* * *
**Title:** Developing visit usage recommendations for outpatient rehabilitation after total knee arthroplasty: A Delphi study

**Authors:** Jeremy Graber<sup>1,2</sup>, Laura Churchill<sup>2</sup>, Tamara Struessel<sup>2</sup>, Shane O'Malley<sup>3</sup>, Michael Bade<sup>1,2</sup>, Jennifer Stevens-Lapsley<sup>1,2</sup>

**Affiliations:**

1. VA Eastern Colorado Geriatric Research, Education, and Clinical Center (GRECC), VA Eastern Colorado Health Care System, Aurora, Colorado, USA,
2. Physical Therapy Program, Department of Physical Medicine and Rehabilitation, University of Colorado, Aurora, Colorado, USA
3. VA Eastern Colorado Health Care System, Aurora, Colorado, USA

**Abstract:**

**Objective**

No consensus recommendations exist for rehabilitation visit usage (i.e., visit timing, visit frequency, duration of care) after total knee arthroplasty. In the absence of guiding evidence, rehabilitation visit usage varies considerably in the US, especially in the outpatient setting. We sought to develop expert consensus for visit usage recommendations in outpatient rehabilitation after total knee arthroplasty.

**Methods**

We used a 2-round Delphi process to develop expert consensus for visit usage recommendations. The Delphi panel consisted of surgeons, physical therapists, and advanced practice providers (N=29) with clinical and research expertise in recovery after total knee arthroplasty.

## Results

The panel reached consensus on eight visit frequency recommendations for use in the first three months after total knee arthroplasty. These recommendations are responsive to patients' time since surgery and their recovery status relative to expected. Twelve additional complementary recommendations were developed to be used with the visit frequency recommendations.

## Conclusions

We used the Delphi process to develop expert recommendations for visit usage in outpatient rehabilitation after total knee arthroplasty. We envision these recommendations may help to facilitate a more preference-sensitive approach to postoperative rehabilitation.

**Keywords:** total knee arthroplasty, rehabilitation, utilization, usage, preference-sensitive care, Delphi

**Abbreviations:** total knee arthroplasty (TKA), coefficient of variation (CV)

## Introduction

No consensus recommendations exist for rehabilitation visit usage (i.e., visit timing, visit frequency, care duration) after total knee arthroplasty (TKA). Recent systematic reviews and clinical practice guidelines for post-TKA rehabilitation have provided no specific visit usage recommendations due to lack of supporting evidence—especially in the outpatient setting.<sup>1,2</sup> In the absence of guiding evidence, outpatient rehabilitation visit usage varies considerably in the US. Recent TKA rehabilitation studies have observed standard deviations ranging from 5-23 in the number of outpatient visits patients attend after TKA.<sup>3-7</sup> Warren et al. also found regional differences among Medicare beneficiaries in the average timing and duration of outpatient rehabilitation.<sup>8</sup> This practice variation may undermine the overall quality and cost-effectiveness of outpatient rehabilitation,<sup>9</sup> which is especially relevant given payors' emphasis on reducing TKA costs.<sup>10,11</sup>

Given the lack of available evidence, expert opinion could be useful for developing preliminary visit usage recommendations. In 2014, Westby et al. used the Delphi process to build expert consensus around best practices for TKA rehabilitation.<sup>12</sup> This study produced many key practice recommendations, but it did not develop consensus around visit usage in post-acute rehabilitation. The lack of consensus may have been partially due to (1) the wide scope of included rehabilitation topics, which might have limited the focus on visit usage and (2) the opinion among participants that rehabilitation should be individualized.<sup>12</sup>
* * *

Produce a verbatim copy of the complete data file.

**Title:** Developing visit usage recommendations for outpatient rehabilitation after total knee arthroplasty: A Delphi study

**Authors:** Jeremy Graber<sup>1,2</sup>, Laura Churchill<sup>2</sup>, Tamara Struessel<sup>2</sup>, Shane O'Malley<sup>3</sup>, Michael Bade<sup>1,2</sup>, Jennifer Stevens-Lapsley<sup>1,2</sup>

**Affiliations:**

1. VA Eastern Colorado Geriatric Research, Education, and Clinical Center (GRECC), VA Eastern Colorado Health Care System, Aurora, Colorado, USA,
2. Physical Therapy Program, Department of Physical Medicine and Rehabilitation, University of Colorado, Aurora, Colorado, USA
3. VA Eastern Colorado Health Care System, Aurora, Colorado, USA

**Abstract:**

**Objective**

No consensus recommendations exist for rehabilitation visit usage (i.e., visit timing, visit frequency, duration of care) after total knee arthroplasty. In the absence of guiding evidence, rehabilitation visit usage varies considerably in the US, especially in the outpatient setting. We sought to develop expert consensus for visit usage recommendations in outpatient rehabilitation after total knee arthroplasty.

**Methods**

We used a 2-round Delphi process to develop expert consensus for visit usage recommendations. The Delphi panel consisted of surgeons, physical therapists, and advanced practice providers (N=29) with clinical and research expertise in recovery after total knee arthroplasty.

## Results

The panel reached consensus on eight visit frequency recommendations for use in the first three months after total knee arthroplasty. These recommendations are responsive to patients' time since surgery and their recovery status relative to expected. Twelve additional complementary recommendations were developed to be used with the visit frequency recommendations.

## Conclusions

We used the Delphi process to develop expert recommendations for visit usage in outpatient rehabilitation after total knee arthroplasty. We envision these recommendations may help to facilitate a more preference-sensitive approach to postoperative rehabilitation.

**Keywords:** total knee arthroplasty, rehabilitation, utilization, usage, preference-sensitive care, Delphi

**Abbreviations:** total knee arthroplasty (TKA), coefficient of variation (CV)

## Introduction

No consensus recommendations exist for rehabilitation visit usage (i.e., visit timing, visit frequency, care duration) after total knee arthroplasty (TKA). Recent systematic reviews and clinical practice guidelines for post-TKA rehabilitation have provided no specific visit usage recommendations due to lack of supporting evidence—especially in the outpatient setting.<sup>1,2</sup> In the absence of guiding evidence, outpatient rehabilitation visit usage varies considerably in the US. Recent TKA rehabilitation studies have observed standard deviations ranging from 5-23 in the number of outpatient visits patients attend after TKA.<sup>3-7</sup> Warren et al. also found regional differences among Medicare beneficiaries in the average timing and duration of outpatient rehabilitation.<sup>8</sup> This practice variation may undermine the overall quality and cost-effectiveness of outpatient rehabilitation,<sup>9</sup> which is especially relevant given payors' emphasis on reducing TKA costs.<sup>10,11</sup>

Given the lack of available evidence, expert opinion could be useful for developing preliminary visit usage recommendations. In 2014, Westby et al. used the Delphi process to build expert consensus around best practices for TKA rehabilitation.<sup>12</sup> This study produced many key practice recommendations, but it did not develop consensus around visit usage in post-acute rehabilitation. The lack of consensus may have been partially due to (1) the wide scope of included rehabilitation topics, which might have limited the focus on visit usage and (2) the opinion among participants that rehabilitation should be individualized.<sup>12</sup>